While hell emerges as the togetherness of other people in Sartre’s play No Exit, published in 1947, Lulu’s relationship with her husband, friend, and lover exemplify Sartre’s beliefs. Lulu’s quandary about whether to stay with her husband, although he is unable to satisfy her sexually, is complicated by the fact that she can only satisfy herself because of her own medical condition; therefore she does not enjoy the sexual relationships she finds outside of her marriage. When, after coming into contact with Henri on the street, Lulu is overpowered by Rirette and pushed into a taxi, she announces that she hates Rirette, Pierre, and Henri. She wonders what each one has against her and why they would want to torture her. Lulu covers her honest admission to Rirette with the excuse that she has been overcome by nerves upon seeing her husband. Her decision to return to her distraught marriage with Henri and continue her unsatisfying affair with Pierre and false friendship with Rirette reaffirms Sartre’s belief that members of the bourgeoisie are incapable of acknowledging their individual freedom and the anguish and responsibility that comes with that freedom.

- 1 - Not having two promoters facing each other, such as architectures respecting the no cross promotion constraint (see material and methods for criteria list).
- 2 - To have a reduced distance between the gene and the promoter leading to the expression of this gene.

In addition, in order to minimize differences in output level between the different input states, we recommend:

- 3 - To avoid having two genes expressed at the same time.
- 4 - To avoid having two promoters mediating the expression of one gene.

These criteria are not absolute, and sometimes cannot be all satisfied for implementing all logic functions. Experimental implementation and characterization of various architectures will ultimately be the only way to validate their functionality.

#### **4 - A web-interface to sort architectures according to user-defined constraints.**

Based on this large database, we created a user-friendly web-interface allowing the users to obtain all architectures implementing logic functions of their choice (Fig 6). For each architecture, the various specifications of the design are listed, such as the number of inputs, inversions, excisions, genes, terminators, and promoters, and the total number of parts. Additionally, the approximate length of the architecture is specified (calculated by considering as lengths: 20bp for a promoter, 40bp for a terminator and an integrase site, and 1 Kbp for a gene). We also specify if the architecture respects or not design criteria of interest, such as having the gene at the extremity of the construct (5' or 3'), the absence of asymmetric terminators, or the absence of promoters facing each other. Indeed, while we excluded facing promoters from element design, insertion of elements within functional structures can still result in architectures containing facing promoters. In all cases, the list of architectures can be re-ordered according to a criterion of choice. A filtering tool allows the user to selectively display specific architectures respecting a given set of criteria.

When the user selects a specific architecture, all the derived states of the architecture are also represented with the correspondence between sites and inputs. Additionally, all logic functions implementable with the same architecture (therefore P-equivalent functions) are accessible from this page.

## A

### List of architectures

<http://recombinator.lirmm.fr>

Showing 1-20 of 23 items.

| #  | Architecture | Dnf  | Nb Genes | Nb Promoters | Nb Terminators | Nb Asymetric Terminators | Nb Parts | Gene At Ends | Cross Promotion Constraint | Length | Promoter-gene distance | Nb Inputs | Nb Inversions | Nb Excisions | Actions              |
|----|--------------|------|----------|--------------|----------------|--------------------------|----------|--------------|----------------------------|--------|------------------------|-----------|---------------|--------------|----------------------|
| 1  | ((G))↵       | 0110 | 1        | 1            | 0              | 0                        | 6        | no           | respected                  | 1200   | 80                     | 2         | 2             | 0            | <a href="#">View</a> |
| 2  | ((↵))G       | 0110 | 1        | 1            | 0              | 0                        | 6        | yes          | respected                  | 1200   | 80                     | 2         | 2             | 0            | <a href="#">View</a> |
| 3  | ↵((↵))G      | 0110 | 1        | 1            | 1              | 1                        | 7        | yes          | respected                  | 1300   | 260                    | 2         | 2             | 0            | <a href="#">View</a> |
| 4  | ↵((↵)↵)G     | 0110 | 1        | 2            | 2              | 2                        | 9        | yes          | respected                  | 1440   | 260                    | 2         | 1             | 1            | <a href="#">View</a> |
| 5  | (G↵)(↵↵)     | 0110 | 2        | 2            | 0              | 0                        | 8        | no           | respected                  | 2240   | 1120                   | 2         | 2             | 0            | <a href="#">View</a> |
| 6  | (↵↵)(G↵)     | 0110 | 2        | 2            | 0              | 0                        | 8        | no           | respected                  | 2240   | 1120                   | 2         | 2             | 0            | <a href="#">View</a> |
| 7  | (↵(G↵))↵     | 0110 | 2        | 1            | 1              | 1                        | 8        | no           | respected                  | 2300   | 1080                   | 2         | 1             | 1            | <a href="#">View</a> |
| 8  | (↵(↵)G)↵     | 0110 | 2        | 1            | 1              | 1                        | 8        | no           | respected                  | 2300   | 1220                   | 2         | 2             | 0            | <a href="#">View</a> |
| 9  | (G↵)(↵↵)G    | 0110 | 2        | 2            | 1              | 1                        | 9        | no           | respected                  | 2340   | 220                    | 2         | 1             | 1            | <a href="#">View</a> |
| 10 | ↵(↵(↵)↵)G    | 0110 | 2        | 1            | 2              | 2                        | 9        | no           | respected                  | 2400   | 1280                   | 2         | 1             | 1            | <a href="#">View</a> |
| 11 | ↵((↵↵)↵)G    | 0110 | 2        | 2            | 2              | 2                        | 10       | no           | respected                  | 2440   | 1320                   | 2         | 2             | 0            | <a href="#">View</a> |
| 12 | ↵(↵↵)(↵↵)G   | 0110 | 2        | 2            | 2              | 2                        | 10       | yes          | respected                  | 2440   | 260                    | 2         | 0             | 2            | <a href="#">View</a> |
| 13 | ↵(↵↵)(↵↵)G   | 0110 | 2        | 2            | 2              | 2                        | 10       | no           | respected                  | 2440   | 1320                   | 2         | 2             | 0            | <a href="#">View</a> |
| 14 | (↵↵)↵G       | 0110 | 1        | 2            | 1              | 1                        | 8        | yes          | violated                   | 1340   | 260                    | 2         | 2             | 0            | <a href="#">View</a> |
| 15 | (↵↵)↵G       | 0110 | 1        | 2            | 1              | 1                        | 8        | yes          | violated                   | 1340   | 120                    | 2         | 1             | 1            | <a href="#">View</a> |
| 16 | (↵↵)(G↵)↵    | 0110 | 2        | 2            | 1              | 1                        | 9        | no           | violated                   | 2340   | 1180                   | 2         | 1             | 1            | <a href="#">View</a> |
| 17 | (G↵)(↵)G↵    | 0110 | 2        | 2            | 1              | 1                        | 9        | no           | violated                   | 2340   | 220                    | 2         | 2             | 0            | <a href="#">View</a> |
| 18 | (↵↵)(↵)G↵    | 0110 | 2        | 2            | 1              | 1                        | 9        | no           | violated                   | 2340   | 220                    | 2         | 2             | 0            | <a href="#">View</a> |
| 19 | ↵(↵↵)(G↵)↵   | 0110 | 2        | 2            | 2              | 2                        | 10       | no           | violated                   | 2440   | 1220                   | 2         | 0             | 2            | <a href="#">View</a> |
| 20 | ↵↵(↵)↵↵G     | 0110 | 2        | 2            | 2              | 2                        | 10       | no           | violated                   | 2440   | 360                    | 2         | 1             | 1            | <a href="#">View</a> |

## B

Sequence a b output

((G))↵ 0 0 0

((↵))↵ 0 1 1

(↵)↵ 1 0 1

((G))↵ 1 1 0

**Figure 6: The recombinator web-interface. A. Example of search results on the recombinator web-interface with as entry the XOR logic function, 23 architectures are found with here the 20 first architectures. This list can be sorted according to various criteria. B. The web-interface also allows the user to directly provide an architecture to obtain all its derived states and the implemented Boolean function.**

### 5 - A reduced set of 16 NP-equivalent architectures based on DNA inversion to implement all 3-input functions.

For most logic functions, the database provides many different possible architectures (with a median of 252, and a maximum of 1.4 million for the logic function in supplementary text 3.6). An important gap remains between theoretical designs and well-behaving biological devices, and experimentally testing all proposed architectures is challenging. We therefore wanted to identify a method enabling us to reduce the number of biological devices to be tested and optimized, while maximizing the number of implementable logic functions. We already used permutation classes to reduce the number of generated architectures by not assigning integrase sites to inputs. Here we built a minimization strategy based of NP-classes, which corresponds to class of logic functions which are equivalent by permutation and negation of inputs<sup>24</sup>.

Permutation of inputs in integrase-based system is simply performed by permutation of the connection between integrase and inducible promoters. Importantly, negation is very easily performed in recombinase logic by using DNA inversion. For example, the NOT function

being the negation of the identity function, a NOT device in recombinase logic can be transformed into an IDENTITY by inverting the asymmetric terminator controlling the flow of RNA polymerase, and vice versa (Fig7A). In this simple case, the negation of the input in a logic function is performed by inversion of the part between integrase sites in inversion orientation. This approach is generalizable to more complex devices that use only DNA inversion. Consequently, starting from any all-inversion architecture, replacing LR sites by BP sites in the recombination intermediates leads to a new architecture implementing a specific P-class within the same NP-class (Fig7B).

The Philosophy of Jean-Paul Sartre

Bloom, Harold. Jean-Paul Sartre. Philadelphia: Chelsea House, 2001.
Farrar, Roxanne C. Sartrean Dialectics. Amsterdam: Rodopi, 2000.
McBride, William L., ed. Existenialist Literature and Aesthetics. New York: Garland, 1997.
Poisson, Catherine. Sartre and Beauvoir. Amsterdam and New York: Rodopi, 2002.
Sartre, Jean-Paul. What Is Literature? Translated by Bernard Frechtman. New York: Harper & Row, 1965.
Wardman, Harold W. Jean-Paul Sartre: The Evolution of his Thought and Art. Lewiston, N.Y.: Edwin Mellen, 1992.

Categories: Literature, Novel Analysis, Philosophy